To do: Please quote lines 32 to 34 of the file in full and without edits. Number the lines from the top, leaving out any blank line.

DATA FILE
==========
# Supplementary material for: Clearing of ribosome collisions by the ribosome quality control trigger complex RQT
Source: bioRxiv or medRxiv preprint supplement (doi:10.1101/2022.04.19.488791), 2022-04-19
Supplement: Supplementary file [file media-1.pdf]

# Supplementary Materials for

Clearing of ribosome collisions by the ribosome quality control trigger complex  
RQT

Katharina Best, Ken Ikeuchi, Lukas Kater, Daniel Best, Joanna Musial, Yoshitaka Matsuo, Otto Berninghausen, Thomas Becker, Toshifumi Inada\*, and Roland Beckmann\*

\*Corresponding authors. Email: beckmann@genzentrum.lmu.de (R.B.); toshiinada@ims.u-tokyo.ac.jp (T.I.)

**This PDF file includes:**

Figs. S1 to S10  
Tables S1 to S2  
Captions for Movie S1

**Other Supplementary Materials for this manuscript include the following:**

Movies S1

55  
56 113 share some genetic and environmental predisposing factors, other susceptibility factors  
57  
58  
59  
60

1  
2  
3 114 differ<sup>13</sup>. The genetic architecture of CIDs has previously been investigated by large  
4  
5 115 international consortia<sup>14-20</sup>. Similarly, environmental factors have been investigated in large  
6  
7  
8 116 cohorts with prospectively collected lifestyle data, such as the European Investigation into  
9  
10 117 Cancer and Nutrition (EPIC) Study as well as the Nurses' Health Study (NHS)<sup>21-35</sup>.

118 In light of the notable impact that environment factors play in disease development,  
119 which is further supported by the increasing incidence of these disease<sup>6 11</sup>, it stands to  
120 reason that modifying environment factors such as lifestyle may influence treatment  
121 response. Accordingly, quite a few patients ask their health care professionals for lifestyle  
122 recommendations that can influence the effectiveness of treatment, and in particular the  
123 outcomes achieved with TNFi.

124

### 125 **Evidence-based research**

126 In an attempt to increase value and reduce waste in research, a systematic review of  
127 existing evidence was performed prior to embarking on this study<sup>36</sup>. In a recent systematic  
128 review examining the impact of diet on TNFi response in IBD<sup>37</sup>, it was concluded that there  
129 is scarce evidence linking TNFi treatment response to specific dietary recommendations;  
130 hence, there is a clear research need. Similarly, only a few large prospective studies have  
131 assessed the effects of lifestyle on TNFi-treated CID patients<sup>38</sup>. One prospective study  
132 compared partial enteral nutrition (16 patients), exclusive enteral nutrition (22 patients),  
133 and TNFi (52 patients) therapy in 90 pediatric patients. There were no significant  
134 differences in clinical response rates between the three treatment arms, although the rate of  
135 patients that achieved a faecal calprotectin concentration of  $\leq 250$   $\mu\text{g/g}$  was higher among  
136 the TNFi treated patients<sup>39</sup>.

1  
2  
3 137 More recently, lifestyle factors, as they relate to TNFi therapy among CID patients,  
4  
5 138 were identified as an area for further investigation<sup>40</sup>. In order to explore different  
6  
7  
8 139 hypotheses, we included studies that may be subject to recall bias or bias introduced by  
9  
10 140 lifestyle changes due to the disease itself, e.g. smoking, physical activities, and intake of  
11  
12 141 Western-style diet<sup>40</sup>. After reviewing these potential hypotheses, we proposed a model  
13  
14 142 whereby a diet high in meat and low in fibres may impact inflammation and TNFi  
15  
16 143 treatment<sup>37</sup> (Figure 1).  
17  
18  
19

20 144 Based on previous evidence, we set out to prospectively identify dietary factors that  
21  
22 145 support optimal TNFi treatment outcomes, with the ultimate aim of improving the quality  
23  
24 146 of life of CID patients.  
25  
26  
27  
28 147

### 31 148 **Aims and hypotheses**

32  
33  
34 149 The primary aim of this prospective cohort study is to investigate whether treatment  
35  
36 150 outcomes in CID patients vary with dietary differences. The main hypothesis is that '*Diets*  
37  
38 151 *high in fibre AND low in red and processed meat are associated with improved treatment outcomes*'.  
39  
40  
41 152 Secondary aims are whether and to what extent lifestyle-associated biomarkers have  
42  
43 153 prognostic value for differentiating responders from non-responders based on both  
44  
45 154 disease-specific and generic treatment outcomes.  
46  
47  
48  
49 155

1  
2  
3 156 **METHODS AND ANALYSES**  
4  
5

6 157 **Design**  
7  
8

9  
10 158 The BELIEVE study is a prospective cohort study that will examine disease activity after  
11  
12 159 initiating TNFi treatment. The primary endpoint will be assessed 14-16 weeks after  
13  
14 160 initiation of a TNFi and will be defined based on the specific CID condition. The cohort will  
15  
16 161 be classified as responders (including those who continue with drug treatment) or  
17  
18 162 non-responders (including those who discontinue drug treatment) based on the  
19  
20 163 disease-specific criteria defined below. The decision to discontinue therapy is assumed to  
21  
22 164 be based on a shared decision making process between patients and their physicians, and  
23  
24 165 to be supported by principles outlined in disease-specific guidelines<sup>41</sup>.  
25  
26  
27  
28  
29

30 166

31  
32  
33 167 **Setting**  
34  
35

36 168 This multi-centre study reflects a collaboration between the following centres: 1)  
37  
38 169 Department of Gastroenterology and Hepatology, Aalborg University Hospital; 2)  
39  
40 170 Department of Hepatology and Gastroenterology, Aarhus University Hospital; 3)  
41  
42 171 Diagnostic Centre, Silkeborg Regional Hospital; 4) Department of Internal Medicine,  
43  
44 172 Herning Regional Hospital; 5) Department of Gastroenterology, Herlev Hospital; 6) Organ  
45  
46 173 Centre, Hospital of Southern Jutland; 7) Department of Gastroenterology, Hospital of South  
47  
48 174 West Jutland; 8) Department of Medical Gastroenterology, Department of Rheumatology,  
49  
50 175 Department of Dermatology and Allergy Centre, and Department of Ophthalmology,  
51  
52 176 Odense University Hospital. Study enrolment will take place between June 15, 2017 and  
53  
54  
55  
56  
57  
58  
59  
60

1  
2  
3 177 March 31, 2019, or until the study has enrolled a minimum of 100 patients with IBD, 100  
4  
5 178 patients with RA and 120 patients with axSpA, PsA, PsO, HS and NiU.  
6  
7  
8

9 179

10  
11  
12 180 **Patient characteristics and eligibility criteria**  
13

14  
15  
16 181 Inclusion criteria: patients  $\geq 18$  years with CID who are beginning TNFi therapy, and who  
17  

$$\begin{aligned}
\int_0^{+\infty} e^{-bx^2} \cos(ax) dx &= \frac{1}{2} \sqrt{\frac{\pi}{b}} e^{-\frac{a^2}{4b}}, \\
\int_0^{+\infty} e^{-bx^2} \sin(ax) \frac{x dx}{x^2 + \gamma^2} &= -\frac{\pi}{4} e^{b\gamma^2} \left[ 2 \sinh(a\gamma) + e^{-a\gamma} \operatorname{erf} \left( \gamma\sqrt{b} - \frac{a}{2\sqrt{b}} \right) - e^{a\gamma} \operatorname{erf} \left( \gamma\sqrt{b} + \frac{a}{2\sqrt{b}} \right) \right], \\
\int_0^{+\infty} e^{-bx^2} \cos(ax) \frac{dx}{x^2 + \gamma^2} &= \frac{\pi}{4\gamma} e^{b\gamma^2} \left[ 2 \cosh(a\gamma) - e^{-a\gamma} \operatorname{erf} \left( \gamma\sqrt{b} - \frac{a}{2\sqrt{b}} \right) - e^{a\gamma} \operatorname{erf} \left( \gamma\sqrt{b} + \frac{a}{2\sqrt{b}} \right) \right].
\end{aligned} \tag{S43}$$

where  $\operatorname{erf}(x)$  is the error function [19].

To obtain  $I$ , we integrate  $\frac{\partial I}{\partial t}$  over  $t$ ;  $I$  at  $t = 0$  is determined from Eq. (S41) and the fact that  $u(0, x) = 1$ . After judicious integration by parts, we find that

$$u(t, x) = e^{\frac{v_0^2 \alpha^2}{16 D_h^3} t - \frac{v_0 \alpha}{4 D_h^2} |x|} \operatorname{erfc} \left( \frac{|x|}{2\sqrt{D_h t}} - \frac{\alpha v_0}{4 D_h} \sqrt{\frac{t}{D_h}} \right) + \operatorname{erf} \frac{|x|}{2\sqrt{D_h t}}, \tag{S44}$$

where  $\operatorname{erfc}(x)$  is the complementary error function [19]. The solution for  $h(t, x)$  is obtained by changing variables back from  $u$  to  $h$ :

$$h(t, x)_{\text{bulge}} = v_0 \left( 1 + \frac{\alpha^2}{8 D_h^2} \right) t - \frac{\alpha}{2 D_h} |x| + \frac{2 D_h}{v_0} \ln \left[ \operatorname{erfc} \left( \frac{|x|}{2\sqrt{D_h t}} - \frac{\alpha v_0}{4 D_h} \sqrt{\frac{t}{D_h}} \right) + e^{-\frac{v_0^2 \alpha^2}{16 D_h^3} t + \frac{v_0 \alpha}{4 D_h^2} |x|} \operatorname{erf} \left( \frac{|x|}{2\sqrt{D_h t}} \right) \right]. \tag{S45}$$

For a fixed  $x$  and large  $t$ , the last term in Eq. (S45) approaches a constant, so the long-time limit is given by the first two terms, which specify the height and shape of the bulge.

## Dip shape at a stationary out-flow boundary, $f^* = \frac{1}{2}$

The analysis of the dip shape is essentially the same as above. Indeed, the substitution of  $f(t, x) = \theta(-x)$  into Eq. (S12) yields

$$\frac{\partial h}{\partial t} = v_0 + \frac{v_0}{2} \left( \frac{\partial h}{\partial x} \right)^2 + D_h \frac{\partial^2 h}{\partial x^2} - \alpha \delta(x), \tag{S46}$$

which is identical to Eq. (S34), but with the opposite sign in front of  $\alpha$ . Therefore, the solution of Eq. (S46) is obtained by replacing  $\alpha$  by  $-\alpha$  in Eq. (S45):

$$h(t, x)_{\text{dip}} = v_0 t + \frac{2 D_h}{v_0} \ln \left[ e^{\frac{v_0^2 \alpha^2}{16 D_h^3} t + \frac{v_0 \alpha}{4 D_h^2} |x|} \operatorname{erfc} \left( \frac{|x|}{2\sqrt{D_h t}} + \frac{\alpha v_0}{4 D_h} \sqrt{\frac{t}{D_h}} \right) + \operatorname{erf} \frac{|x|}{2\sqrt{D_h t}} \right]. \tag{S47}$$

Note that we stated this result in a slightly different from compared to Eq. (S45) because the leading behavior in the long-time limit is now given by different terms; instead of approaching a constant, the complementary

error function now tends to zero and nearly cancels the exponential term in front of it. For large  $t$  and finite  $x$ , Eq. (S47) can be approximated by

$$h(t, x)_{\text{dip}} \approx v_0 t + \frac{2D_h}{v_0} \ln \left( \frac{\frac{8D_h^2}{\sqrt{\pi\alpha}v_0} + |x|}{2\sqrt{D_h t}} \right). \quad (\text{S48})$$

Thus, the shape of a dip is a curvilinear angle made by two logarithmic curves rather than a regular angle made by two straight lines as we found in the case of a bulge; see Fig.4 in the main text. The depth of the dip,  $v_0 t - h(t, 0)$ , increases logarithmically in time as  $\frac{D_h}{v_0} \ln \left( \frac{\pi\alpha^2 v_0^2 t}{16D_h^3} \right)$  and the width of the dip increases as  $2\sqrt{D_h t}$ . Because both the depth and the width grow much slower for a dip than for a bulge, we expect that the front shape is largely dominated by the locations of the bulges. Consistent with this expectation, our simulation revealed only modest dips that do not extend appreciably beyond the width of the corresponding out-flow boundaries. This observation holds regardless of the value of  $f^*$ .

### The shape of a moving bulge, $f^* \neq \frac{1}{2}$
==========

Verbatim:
119 which is further supported by the increasing incidence of these disease<sup>6 11</sup>, it stands to  
120 reason that modifying environment factors such as lifestyle may influence treatment  
121 response. Accordingly, quite a few patients ask their health care professionals for lifestyle  